Among the potentially great gags West and Paramount had to jettison because of Breen’s edicts was one in which the final catastrophe wasn’t going to be a mere music-hall fire but a Mississippi flood, and the gag was going to be Ruby and Tiger together in her room, unable to leave for five days as the floodwaters advanced on New Orleans, with the gimmick being that as the physical passion between the lovers rose, so would the floodwaters. (“It was one of the funniest scenes I ever read, but of course I had to cut it,” Breen said later.) The censors and the studio executives went back and forth for several months and finally Breen’s boss, Will Hays (for whom the Production Code Administration was still nicknamed “the Hays office” long after he ceased to have any active role with it), got involved and dictated five changes Paramount must make in the film before it could be approved: eliminate any hint that Ruby was a burlesque queen and a prostitute, eliminate any reference to Tiger being an ex-con, eliminate the “sex suggestiveness” and “violent and lustful kissing” between them, eliminate the scene of Ruby stealing from Ace (actually it was rewritten so Ruby rifled Ace’s safe but only to retrieve property that was rightfully hers), and clean up the relationship of Ruby and Brooks, the second male lead (which barely seems to exist at all in the finished film — we see him lavish jewels on her but we have no idea what, if anything, he’s getting in return). Breen also demanded that Ruby and Tiger get married at the end, and insisted on a montage of newspaper headlines that made clear he had been acquitted of the charge of murdering Ace.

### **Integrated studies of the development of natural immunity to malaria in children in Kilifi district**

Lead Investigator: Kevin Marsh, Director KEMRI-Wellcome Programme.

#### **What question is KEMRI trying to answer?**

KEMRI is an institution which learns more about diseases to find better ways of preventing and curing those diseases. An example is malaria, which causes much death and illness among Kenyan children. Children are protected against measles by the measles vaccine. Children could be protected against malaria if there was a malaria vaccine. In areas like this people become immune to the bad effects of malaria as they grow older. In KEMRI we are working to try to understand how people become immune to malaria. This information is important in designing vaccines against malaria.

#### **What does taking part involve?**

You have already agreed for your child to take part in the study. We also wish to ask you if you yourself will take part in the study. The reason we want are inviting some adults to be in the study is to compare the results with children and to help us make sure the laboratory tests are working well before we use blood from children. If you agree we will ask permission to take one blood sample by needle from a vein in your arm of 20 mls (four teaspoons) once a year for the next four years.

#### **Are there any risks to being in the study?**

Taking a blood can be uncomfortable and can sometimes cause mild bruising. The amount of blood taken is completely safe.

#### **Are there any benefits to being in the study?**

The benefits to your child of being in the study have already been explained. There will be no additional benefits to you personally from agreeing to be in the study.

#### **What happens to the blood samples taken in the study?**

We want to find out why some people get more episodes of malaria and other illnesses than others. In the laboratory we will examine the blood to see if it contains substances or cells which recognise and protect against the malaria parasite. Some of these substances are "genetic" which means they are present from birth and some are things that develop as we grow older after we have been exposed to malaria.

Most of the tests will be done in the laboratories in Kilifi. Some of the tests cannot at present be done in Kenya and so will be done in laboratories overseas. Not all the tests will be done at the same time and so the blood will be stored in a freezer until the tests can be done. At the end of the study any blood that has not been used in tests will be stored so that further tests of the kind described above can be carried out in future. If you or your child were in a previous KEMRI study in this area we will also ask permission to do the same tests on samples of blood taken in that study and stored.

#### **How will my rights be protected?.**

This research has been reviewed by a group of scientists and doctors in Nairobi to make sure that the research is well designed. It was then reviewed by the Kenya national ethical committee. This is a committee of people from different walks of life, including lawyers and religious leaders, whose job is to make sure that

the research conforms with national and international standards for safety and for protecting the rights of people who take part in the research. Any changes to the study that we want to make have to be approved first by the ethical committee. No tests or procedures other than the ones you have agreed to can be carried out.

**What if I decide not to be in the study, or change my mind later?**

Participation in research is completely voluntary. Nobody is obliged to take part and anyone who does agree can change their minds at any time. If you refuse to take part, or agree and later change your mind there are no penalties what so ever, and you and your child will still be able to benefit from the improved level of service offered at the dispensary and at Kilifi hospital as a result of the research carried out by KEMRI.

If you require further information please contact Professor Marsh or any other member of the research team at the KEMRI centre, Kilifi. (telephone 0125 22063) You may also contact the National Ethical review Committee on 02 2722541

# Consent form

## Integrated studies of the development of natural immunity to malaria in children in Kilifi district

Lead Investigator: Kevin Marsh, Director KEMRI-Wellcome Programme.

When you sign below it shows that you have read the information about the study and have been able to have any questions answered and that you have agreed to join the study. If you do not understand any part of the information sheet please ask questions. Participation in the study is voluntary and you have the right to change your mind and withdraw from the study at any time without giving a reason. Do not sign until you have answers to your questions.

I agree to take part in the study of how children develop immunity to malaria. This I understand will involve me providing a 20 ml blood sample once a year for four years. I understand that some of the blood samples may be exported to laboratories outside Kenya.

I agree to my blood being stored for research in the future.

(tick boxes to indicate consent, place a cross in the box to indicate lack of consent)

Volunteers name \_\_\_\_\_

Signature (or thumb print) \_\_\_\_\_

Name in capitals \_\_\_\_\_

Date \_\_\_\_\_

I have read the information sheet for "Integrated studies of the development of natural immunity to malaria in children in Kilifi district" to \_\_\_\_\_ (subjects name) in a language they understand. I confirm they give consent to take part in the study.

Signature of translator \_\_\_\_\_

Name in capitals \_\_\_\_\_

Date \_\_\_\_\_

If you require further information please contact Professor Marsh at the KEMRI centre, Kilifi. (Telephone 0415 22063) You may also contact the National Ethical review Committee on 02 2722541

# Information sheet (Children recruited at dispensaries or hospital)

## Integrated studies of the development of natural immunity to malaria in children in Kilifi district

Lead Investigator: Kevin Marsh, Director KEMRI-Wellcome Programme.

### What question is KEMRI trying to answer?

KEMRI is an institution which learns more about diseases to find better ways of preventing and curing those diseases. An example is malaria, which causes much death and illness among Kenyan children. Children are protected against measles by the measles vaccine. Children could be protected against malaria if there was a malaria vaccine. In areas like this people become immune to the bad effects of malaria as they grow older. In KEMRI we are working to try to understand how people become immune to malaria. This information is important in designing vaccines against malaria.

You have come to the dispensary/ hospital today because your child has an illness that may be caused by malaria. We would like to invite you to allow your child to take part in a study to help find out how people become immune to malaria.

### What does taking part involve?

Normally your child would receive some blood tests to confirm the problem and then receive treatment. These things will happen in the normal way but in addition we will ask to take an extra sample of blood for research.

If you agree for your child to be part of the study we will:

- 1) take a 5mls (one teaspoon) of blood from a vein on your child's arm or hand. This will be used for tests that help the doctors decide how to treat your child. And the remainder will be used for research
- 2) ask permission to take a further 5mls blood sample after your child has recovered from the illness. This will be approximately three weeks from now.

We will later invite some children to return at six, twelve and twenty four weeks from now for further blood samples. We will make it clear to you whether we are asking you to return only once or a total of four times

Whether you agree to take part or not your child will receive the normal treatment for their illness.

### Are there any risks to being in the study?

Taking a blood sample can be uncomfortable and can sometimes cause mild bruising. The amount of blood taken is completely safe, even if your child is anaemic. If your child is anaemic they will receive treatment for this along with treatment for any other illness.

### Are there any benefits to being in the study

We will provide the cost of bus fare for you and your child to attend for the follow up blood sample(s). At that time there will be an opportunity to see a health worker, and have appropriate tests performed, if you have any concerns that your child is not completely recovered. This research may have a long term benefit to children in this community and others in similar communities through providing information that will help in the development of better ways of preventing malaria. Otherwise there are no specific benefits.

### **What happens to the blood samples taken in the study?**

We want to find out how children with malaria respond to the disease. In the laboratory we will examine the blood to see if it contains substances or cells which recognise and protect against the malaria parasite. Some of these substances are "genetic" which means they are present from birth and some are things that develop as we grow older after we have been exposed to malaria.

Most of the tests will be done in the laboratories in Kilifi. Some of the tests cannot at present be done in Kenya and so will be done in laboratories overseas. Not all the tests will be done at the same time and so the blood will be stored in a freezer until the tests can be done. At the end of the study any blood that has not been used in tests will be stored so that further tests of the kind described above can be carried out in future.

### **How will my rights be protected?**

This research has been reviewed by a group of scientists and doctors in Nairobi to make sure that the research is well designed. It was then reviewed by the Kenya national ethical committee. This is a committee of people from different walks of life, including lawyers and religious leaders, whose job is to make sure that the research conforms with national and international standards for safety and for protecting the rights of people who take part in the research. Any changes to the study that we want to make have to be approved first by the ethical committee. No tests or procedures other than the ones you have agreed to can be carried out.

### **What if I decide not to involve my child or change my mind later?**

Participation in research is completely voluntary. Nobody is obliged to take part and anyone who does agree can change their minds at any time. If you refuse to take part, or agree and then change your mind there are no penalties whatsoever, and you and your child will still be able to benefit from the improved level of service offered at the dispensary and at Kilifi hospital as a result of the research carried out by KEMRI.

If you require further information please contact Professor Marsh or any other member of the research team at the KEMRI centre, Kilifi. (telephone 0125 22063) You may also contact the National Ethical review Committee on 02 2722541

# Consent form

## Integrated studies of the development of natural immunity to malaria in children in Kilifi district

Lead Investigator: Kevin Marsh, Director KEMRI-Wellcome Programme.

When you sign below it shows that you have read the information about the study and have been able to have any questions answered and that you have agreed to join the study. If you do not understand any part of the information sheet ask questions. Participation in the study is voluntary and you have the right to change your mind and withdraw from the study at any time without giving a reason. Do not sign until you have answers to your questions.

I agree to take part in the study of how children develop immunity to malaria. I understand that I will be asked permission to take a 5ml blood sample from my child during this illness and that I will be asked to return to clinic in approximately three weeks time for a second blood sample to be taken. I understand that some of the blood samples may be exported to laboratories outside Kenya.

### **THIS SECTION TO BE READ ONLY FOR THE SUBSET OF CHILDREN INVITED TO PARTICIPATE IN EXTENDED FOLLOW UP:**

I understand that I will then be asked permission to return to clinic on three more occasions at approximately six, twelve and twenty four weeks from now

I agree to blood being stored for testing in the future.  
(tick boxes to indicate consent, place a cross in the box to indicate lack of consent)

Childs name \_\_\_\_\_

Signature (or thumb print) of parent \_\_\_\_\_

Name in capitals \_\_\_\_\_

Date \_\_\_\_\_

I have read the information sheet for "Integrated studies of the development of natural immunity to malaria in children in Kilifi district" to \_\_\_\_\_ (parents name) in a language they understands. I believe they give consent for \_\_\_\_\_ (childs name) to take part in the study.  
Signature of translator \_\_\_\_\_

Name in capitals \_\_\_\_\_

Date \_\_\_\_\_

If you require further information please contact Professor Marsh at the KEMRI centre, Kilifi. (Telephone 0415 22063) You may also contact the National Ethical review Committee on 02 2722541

Belle of the Nineties got a Production Code seal but was further chopped by the New York state censor board — and that seems to be the only extant version now; as it stands it’s an engaging movie, coming alive especially when Mae West sings and dances (notably the marvelous scene in which she witnesses a Black revival meeting from the window of her apartment and sings the song “Troubled Waters,” reflecting a world-weariness and a longing for salvation far at variance from what we expect from Mae West and indicating she was potentially a rangier actress than one would think from her usual character; Ellington provides an unseen accompaniment for West and also recorded the song with his usual singer, the haunting-voiced Ivie Anderson; later Gil Evans revived the song for the album he did with singer Helen Merrill, and Cat Power sang it on her first covers album), and though one suspects it would seem even stronger if the pre-censorship cut ever surfaced, it’s a handsomely produced movie, atmospherically photographed by Karl Struss and ably directed by McCarey, though West was so totally in control of her own screen appearance her directors, whoever they were, actually has awfully little to do. Mae West’s whole act seems awfully tame in today’s world, in which the envelopes she pushed have long since been shredded to ribbons, but one can still admire the way this forty-something (when she made her movies) woman can say more about sex with an arched glance, a luring grin or a vocal inflection than the actresses of today can by shedding their entire wardrobes on-camera and letting their co-stars pound away at them on screen.